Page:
U.S. Department of Energy

    President's State of the Union 2011 Outlines Clean Energy Goals

    February 2, 2011

    President Obama at the wheel of a new car in a factory.

    President Obama tests a Chevrolet Volt during a 2010 visit to the Detroit-Hamtramck factory where it is assembled.
    Credit: Pete Souza, White House

    Declaring that current challenges present this generation's "Sputnik moment," President Obama called for high-profile energy goals—including a target of producing 80% of U.S. electricity from clean energy sources by 2035—during his 2011 State of the Union address on January 25. To break the nation's oil dependency, the President said the United States should aim to be the first country to have one million electric vehicles on the road by 2015 and to provide 80% of Americans access to high-speed rail within 25 years.

    His message stressed continued investment into science and research. "Two years ago, I said that we needed to reach a level of research and development we haven't seen since the height of the Space Race," Obama said, referring to the contest that began following the launch of the Soviets' Sputnik satellite. "We'll invest in biomedical research, information technology, and especially clean energy technology—an investment that will strengthen our security, protect our planet, and create countless new jobs for our people." The President's budget will propose increasing clean energy technology funding by a third compared to 2010, expanding DOE's advanced research program, and doubling—from three to six—the number of DOE energy innovation hubs operating.

    To meet his goal of 80% clean energy by 2035, the President urged an inclusive approach. "Some folks want wind and solar. Others want nuclear, clean coal, and natural gas. To meet this goal, we will need them all," he said. To attain this vision, the President's proposed budget will focus on "high-value" research into clean energy deployment, and it will include more than a doubling of investments in energy efficiency and a more than 85% increase in renewable energy investment. The White House said such expenditures will include support for the "$1 a Watt" initiative to make solar energy cost competitive; an increase in funding for 24-hour geothermal renewable energy; and more emphasis on industrial efficiency to keep U.S. manufacturing competitive. He wants a new energy efficiency initiative to catalyze private sector investment and upgrade commercial buildings. And, the Administration intends to leverage the U.S. Department of the Interior's efforts to site more renewable energy projects on public lands.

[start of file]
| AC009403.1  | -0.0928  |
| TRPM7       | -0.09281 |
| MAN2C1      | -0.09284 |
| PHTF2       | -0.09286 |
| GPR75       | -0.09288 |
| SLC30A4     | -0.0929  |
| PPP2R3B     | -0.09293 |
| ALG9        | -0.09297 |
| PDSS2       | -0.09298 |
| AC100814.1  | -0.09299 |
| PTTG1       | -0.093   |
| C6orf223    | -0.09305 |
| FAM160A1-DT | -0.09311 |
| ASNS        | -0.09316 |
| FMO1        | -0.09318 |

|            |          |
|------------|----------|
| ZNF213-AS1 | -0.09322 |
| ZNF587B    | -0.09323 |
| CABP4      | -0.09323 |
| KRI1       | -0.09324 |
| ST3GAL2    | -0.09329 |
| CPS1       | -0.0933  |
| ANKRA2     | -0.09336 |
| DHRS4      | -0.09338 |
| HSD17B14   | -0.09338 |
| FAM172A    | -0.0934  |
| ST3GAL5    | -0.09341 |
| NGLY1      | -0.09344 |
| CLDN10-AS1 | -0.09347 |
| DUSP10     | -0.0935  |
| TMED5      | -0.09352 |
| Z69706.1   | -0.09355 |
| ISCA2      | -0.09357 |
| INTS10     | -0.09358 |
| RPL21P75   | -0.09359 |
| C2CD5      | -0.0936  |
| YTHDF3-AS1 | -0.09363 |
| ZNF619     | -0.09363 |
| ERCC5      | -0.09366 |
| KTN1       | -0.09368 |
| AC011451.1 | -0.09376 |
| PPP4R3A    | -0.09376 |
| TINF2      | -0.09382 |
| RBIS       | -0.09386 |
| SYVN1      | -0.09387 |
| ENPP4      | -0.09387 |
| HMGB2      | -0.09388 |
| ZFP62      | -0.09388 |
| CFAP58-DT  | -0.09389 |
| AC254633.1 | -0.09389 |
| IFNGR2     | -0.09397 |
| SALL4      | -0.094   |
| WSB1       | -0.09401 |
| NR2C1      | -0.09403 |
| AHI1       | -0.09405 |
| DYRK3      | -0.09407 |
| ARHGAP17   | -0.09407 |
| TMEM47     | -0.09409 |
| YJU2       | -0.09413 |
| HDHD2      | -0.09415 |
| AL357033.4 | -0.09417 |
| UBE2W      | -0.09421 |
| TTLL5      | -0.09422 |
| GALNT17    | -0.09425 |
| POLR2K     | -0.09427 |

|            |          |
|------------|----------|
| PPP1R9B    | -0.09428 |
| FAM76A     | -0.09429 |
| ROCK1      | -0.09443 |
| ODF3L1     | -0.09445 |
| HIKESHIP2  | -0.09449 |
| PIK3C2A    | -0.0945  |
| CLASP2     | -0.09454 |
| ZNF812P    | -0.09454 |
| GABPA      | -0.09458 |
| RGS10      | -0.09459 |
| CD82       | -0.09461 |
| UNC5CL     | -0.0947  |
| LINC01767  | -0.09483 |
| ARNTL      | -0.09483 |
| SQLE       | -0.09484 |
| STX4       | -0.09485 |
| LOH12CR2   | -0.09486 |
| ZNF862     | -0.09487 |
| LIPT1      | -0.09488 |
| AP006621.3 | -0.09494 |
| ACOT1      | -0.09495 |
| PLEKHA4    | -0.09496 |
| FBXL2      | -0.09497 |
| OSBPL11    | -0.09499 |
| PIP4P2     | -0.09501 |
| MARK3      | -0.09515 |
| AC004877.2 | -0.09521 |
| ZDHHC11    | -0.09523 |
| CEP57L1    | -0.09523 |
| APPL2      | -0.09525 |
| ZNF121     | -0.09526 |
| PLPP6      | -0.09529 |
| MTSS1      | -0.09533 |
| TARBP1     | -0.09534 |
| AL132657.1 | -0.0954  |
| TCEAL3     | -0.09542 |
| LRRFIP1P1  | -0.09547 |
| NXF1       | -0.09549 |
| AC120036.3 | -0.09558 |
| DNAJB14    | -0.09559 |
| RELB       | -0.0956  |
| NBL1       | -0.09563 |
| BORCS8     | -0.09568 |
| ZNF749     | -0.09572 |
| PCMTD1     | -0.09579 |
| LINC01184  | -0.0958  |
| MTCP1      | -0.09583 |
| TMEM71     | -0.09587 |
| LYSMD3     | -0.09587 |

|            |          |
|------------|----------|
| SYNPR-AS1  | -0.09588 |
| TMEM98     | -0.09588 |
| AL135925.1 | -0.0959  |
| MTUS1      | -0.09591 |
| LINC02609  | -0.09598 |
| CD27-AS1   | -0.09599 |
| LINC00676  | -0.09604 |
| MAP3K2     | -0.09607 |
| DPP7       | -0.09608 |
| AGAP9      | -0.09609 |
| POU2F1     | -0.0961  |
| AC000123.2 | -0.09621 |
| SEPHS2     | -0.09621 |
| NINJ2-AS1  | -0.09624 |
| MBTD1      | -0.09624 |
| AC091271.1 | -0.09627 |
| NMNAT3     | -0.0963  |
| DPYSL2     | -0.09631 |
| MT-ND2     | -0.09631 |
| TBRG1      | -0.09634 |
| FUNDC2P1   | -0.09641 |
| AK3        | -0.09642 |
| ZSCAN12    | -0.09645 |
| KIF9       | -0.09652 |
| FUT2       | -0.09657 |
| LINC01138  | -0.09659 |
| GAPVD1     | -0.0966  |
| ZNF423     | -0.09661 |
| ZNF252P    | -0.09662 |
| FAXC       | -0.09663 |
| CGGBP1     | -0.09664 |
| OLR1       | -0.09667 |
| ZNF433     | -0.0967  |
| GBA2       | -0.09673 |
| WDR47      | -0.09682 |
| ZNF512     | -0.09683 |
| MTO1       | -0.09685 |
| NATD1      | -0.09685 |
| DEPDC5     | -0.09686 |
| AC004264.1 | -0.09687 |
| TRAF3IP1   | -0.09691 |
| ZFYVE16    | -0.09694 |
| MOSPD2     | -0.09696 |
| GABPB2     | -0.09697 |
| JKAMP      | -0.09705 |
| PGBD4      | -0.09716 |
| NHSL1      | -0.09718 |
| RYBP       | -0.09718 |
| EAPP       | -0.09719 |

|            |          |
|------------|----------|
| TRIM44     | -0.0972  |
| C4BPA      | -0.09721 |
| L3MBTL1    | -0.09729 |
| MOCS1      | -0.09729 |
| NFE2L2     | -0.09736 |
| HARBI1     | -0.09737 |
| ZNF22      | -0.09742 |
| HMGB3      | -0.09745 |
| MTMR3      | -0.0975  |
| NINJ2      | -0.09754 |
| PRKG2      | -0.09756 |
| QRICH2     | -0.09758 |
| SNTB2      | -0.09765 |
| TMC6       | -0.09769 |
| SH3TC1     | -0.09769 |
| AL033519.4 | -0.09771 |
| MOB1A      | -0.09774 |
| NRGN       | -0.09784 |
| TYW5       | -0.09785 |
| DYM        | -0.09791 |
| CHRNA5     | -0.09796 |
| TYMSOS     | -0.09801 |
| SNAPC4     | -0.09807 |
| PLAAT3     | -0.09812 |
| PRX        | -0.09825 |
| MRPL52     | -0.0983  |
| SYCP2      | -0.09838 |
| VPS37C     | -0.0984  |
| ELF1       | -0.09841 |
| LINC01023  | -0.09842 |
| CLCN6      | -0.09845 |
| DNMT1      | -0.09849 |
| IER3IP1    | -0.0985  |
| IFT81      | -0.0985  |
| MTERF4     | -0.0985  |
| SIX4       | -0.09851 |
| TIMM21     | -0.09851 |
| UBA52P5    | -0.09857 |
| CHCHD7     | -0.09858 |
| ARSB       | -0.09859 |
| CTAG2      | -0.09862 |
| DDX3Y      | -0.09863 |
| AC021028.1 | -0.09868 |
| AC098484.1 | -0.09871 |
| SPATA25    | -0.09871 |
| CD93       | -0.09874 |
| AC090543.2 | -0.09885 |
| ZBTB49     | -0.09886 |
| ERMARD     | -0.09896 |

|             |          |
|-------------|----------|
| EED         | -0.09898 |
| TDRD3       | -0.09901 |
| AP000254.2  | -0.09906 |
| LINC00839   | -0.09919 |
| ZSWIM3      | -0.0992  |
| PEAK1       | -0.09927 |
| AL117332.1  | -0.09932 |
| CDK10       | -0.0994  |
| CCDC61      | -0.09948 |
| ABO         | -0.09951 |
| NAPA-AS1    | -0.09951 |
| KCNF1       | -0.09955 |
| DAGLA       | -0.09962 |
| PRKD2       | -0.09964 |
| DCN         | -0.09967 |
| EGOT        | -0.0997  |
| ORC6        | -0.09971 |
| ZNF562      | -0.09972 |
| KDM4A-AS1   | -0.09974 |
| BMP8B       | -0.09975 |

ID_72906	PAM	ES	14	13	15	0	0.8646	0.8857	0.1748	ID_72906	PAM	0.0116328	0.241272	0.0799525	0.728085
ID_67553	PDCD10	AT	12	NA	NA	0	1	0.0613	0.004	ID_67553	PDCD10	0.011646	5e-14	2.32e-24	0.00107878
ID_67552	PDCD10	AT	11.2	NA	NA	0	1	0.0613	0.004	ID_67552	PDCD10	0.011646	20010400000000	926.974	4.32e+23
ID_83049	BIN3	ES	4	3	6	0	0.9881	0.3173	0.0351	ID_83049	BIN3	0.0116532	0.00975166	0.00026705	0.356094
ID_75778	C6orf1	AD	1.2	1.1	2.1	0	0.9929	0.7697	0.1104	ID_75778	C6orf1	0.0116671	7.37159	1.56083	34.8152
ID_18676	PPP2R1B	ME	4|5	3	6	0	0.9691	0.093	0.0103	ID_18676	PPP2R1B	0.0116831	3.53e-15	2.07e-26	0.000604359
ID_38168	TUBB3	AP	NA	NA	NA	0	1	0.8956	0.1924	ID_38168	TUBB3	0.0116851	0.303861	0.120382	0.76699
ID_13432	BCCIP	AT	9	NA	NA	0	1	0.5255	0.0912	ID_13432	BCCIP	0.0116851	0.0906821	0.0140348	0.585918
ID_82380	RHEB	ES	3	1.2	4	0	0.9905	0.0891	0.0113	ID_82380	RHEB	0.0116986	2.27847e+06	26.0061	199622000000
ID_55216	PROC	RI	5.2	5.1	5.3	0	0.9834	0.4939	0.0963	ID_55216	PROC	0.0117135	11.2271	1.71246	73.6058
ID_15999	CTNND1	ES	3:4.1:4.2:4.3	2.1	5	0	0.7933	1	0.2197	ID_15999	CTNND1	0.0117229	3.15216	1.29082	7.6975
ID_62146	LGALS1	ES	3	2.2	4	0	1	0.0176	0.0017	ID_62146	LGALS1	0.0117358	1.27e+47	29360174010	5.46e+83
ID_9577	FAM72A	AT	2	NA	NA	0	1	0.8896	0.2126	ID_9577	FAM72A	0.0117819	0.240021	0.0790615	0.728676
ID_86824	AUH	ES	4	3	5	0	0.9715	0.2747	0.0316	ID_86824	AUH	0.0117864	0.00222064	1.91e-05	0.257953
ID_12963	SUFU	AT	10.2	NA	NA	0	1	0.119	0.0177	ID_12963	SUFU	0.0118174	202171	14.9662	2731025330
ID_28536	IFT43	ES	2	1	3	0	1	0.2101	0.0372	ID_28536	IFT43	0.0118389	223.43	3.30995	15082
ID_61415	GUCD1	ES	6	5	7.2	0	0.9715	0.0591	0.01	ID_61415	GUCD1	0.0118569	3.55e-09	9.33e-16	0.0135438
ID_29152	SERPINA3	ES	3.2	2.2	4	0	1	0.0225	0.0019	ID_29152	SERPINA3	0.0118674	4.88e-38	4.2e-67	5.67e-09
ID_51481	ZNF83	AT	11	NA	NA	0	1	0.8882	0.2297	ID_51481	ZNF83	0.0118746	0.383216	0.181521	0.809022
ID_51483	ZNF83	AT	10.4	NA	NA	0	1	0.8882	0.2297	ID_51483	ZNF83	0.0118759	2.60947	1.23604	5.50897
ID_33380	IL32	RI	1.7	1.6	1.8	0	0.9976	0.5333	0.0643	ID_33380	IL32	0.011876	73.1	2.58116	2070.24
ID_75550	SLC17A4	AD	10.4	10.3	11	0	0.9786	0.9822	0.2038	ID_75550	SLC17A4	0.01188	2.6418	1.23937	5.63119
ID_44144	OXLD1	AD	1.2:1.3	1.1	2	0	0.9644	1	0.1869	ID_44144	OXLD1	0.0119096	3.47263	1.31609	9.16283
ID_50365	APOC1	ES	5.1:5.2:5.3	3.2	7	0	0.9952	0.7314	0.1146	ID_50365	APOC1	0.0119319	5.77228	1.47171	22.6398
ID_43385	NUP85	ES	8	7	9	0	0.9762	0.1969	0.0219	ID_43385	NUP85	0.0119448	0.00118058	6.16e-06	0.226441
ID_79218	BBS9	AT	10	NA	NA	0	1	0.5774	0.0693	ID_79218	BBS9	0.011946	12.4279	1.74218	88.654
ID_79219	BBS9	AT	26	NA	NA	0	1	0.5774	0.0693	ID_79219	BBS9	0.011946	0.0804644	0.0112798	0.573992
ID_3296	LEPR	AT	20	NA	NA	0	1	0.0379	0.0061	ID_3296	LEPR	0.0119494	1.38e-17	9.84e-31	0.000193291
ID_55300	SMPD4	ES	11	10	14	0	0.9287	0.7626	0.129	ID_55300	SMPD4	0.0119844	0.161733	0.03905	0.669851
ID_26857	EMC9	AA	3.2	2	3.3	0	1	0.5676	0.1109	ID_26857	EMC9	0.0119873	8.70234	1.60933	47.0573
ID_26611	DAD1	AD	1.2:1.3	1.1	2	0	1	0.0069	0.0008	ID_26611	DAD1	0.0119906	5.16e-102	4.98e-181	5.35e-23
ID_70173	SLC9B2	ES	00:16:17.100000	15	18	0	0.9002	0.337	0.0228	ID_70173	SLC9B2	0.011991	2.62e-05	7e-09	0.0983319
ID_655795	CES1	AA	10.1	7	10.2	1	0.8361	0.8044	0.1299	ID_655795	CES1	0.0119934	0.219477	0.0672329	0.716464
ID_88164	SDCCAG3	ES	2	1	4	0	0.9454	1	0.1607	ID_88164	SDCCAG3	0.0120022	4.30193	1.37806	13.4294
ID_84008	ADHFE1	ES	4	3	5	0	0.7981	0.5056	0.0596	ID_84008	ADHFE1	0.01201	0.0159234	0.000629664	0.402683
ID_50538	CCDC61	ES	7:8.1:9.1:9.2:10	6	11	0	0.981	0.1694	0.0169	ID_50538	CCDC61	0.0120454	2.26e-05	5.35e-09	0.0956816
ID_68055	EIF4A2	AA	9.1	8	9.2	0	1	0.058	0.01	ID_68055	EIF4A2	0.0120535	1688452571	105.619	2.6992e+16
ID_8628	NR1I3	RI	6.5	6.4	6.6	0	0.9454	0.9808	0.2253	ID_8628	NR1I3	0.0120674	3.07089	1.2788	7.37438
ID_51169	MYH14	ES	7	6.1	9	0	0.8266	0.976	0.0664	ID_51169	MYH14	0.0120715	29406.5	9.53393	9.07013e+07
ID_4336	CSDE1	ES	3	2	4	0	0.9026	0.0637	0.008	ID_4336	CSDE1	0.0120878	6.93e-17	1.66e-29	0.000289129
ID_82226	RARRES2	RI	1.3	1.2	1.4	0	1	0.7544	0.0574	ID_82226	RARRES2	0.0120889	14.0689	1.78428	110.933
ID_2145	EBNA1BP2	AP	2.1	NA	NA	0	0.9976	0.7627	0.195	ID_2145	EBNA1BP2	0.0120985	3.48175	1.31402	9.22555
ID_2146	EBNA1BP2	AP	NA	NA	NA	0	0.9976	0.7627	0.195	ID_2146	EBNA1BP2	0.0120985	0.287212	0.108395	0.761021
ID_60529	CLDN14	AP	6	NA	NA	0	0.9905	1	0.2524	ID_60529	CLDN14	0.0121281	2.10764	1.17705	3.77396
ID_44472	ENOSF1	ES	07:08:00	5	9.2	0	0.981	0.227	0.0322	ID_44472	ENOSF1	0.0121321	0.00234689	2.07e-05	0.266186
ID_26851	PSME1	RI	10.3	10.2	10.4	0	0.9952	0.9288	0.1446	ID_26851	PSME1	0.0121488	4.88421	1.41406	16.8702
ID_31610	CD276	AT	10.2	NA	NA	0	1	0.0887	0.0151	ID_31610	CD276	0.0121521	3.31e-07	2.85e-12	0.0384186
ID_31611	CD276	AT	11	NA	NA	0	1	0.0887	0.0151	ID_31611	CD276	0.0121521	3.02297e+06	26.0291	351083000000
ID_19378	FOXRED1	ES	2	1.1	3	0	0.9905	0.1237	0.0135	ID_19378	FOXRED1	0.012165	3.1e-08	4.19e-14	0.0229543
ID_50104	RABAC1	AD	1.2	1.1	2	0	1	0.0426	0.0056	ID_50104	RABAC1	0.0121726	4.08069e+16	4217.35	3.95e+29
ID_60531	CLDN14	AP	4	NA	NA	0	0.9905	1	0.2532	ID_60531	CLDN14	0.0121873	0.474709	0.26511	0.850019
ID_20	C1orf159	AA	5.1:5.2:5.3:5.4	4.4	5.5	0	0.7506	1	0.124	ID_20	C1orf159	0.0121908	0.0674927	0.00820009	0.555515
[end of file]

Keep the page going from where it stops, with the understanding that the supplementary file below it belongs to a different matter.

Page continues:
Building on the progress begun in 2010 with the arrival of the Chevy Volt hybrid and the Nissan Leaf electric vehicle (EV) in showrooms, Obama said the United States should aim to have one million advanced technology vehicles on its roads in four years. To reach that goal, the Administration will propose new measures to support EV manufacturing and adoption in the United States through improved consumer rebates, investments in R&D, and competitive programs to encourage communities that invest in EV infrastructure.

    This effort will also tap into ongoing work to set strong fuel-economy standards for cars and trucks as well as biofuel exploration. "With more research and incentives, we can break our dependence on oil with biofuels," he said. He will also continue to push for high-speed rail as another efficient transportation option, noting that in the Midwest and California such systems are already underway. These next generation rail systems "could allow you to go places in half the time it takes to travel by car," Obama said. See the President's State of the Union transcript and fact sheet, the Energy innovation hub website, the Advanced Research Projects Agency—Energy (ARPA-E) website, and EERE Network News coverage of the energy hubs.